knowledge is "objectivity. They describe regularities governing a certain realm of human behavior. How do we know that two contradictory judgments cannot be both true? Why do we believe that logical rules are valid or that our thinking ought to its comply with them? The psychol­ version consisted in the ogism in radical statements that logic described the laws of thinking. and possible-but not the theory of knowledge that would legitimate its claims to Why should we think logically? criticism-in particular the The results of this renunciation of "truth" and "certitude" in the traditional sense­ amounted. The interpretation of logic in empirical categories. Thus logical propositions tell us how we do think. All cognitive activity. in Husserl's eyes.16 FIRST LECTURE belong to the human interpretation of experience. to the ruination of European culture. including philosophical and religious thought. or "psychologism" in logic. has to be considered as a kind of biological reaction." Cognition is possible. It was natural for him to begin from this question. and that thinking was a psychological process. since the possibility of certainty could not be decided until we know how the formal conditions for the correctness of thought are justified. Wiry we think accord- . seemed to him especially dangerous and destruc­ tive.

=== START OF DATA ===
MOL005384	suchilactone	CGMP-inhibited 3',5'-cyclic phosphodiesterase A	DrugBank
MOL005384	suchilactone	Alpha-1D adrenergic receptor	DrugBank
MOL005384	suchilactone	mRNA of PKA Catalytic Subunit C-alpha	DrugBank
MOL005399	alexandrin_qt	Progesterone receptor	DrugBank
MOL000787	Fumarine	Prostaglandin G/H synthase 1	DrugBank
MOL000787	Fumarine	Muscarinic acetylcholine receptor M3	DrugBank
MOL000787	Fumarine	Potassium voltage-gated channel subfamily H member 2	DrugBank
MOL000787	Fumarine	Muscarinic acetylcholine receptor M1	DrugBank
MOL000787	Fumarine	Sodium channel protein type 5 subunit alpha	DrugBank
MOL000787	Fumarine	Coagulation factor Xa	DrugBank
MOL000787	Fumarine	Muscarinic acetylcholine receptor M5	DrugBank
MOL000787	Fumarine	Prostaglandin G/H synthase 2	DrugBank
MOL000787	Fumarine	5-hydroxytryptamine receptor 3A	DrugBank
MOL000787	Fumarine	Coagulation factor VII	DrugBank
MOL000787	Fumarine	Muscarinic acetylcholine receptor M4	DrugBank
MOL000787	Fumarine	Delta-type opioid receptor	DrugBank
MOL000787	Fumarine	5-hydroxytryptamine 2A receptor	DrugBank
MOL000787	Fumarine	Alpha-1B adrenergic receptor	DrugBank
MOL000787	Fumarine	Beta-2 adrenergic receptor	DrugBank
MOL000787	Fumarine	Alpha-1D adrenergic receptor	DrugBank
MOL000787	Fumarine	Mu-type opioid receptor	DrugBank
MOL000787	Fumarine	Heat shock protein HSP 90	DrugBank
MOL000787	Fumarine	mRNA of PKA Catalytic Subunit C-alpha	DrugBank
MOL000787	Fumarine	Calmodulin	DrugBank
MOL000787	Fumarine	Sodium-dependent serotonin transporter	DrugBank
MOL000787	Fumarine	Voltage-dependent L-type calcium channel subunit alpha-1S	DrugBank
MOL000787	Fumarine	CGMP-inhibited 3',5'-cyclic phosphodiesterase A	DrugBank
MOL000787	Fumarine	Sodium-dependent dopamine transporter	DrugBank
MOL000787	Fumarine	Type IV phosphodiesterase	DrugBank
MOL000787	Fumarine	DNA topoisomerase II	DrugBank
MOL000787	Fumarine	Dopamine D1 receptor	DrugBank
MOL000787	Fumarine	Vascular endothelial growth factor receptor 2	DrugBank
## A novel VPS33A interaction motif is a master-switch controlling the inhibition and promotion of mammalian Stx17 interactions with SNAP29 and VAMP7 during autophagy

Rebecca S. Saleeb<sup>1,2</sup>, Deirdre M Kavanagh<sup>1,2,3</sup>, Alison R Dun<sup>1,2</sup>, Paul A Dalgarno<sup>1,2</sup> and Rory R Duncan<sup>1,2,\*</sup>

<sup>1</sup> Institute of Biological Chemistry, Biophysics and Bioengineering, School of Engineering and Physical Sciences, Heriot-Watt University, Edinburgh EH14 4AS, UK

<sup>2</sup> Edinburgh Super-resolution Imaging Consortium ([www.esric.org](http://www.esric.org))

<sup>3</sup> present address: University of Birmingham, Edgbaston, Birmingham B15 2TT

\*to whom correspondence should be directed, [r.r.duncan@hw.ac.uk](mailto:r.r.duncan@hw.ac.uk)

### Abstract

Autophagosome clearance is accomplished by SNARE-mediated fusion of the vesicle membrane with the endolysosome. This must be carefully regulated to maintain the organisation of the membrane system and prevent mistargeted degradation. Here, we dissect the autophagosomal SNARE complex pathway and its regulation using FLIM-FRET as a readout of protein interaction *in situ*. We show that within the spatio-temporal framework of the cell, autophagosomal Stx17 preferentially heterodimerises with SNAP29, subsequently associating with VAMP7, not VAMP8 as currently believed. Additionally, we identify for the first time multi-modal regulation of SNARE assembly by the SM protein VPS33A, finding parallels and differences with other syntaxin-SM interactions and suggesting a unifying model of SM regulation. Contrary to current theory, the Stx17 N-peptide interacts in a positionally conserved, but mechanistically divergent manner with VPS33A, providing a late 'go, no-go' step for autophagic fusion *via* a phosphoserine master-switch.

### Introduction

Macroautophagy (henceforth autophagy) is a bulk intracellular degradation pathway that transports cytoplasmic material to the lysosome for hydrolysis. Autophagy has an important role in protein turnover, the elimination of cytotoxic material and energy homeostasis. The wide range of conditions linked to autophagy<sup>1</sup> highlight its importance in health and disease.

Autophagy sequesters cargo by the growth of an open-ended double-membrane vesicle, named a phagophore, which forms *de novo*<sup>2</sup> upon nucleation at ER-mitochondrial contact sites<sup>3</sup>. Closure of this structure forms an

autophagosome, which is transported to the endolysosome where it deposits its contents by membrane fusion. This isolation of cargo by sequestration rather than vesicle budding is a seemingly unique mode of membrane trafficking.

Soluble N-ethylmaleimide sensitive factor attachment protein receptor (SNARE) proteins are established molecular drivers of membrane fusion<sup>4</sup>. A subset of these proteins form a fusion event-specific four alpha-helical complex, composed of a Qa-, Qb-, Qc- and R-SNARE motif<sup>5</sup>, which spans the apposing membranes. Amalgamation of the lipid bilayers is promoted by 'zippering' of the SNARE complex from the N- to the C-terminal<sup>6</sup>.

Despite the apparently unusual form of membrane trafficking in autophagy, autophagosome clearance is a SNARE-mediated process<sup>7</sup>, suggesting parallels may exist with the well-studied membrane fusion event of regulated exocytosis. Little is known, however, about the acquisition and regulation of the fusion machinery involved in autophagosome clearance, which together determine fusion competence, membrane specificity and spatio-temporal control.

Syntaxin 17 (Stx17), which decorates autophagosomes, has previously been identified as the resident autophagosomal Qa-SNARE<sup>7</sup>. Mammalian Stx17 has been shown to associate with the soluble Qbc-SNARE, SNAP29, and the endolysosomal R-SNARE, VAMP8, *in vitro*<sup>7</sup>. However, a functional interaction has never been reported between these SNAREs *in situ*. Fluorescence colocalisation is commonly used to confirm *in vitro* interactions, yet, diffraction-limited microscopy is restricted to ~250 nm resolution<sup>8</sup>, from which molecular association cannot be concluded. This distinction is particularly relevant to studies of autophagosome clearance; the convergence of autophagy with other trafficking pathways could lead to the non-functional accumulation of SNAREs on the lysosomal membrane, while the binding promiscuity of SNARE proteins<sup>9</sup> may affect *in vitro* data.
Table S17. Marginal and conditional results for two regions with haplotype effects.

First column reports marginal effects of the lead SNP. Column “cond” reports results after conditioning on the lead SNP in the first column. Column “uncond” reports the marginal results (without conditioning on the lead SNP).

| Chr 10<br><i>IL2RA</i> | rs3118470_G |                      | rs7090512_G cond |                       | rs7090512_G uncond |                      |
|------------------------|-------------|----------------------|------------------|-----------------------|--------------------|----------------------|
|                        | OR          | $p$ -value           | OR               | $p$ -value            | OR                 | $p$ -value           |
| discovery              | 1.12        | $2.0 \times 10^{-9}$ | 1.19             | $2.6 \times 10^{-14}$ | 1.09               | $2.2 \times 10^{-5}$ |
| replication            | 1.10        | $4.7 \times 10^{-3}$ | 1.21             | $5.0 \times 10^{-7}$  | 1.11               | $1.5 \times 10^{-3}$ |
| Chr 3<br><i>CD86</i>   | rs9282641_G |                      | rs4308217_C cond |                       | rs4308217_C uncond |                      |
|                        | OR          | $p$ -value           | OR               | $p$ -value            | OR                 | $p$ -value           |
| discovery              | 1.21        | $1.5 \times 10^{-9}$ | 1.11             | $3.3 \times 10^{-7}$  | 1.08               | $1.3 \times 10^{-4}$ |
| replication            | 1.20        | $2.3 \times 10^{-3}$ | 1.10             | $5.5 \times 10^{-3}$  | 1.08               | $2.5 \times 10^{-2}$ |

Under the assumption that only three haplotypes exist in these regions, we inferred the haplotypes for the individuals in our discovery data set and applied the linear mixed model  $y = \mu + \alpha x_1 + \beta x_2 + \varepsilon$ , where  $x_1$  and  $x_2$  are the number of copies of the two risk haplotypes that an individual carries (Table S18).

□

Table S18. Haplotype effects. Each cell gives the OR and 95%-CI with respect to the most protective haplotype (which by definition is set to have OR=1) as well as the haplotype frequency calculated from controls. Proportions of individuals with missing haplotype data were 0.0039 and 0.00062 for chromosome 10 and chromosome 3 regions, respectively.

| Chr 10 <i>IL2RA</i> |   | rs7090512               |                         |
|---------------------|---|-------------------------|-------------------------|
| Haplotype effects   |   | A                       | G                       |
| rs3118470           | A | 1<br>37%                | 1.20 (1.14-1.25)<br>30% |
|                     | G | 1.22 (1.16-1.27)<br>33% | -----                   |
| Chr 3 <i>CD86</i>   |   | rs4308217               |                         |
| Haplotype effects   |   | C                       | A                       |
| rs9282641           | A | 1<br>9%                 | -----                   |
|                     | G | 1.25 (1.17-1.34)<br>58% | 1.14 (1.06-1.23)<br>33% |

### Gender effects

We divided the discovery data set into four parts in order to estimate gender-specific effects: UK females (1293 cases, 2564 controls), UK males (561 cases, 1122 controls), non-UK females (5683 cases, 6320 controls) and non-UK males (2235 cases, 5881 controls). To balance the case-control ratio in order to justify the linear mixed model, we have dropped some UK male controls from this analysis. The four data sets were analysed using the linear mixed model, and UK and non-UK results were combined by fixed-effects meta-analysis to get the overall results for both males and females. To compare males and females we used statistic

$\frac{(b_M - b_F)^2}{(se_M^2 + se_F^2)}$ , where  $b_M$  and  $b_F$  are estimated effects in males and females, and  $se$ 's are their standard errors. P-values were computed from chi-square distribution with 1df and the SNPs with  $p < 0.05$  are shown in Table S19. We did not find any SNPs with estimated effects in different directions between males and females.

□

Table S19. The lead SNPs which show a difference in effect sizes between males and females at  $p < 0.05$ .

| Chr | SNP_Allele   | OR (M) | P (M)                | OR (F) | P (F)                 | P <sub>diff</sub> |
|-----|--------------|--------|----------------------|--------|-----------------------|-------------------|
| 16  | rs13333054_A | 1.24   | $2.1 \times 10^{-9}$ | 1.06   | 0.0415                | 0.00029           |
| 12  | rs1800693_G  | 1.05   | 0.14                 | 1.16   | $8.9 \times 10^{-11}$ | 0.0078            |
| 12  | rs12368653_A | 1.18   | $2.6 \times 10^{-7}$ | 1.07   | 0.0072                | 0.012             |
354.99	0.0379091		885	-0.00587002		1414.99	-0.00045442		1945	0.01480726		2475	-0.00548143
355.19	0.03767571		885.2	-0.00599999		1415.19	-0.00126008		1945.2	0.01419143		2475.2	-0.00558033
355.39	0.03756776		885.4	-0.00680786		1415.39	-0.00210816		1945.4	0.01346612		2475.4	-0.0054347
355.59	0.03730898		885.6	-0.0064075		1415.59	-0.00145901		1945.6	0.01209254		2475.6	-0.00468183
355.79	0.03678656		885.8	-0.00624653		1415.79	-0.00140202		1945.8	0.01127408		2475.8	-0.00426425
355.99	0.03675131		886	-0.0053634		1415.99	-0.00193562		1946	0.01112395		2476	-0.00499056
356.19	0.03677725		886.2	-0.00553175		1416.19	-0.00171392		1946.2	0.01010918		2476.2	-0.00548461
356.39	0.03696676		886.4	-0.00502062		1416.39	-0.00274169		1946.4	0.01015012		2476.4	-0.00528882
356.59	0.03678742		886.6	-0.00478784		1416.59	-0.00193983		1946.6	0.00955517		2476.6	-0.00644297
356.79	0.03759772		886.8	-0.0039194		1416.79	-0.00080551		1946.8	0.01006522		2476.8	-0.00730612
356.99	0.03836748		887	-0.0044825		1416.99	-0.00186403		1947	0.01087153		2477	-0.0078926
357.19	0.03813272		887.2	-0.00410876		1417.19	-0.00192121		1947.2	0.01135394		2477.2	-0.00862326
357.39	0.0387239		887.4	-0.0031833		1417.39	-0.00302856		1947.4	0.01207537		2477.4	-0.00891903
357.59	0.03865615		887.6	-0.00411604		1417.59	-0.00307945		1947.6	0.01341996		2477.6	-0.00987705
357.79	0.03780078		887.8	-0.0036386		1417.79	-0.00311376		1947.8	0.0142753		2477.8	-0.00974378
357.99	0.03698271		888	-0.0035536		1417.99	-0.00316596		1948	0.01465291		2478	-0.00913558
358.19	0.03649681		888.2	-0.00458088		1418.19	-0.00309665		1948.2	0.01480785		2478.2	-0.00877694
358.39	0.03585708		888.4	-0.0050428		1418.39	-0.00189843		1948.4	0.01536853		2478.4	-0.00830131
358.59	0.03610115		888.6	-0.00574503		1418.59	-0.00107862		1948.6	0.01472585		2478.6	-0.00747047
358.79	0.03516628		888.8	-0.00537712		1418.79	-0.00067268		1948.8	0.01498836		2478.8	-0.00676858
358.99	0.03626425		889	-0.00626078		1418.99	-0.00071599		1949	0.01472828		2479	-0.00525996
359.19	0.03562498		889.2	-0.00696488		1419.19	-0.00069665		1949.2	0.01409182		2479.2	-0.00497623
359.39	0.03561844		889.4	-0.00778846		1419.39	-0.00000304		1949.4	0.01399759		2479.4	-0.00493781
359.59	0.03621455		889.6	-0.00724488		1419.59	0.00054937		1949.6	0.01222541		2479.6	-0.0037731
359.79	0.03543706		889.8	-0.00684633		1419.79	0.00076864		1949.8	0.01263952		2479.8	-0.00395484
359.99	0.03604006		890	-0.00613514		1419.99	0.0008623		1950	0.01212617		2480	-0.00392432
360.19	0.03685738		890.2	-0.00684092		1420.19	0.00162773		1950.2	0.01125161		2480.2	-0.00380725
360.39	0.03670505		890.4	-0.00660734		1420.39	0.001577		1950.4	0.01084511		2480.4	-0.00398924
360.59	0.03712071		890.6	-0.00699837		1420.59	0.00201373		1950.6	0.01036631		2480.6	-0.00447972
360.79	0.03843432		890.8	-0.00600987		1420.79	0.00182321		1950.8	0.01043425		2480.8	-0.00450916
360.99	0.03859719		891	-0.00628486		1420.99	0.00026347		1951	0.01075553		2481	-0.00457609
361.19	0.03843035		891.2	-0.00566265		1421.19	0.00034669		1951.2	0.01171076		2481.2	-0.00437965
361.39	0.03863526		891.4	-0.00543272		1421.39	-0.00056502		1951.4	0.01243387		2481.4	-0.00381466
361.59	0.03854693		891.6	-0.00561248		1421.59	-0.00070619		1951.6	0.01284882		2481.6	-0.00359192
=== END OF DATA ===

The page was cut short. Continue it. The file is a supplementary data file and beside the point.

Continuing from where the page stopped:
that it made science impossible. and that it devastated the entire intellectual legacy of mankind. far from being obligatory commands. in his opinion. and that it utterly and absurdly distorted the sense we really ascribe to logic. It simply displays a causal relation between two acts of acceptance related to these two judgments. He tried to show that the theory was self-contradictory. he argued. The consequences of thought. simply state empirical facts. are not logical consequences of thought but causal relations be­ tween facts of our consciousness. and Bolzano (who. To say that the sentence "all dogs are mammals" entails the sentence "some mammals are dogs" does not really mean that anything logically follows any­ thing. then. Frege. Some mysterious natural laws connect . the rules of logic. that it was based on the confusion of the meaning of judg­ ments with the acts of judging.THE ENDS 17 ing to these rules is either because our brains are built so that we cannot do otherwise or else because they govern our psychological processes (whatever their connection with the brain) . After Natorp. Husserl was sure that psychologism ended in skepticism and relativism. Logic as a science is nothing other than an abstract description of empirical psychological facts. had not downed the adversary consistently enough). Hus­ serl attacked psychologism. To followers of psychologism.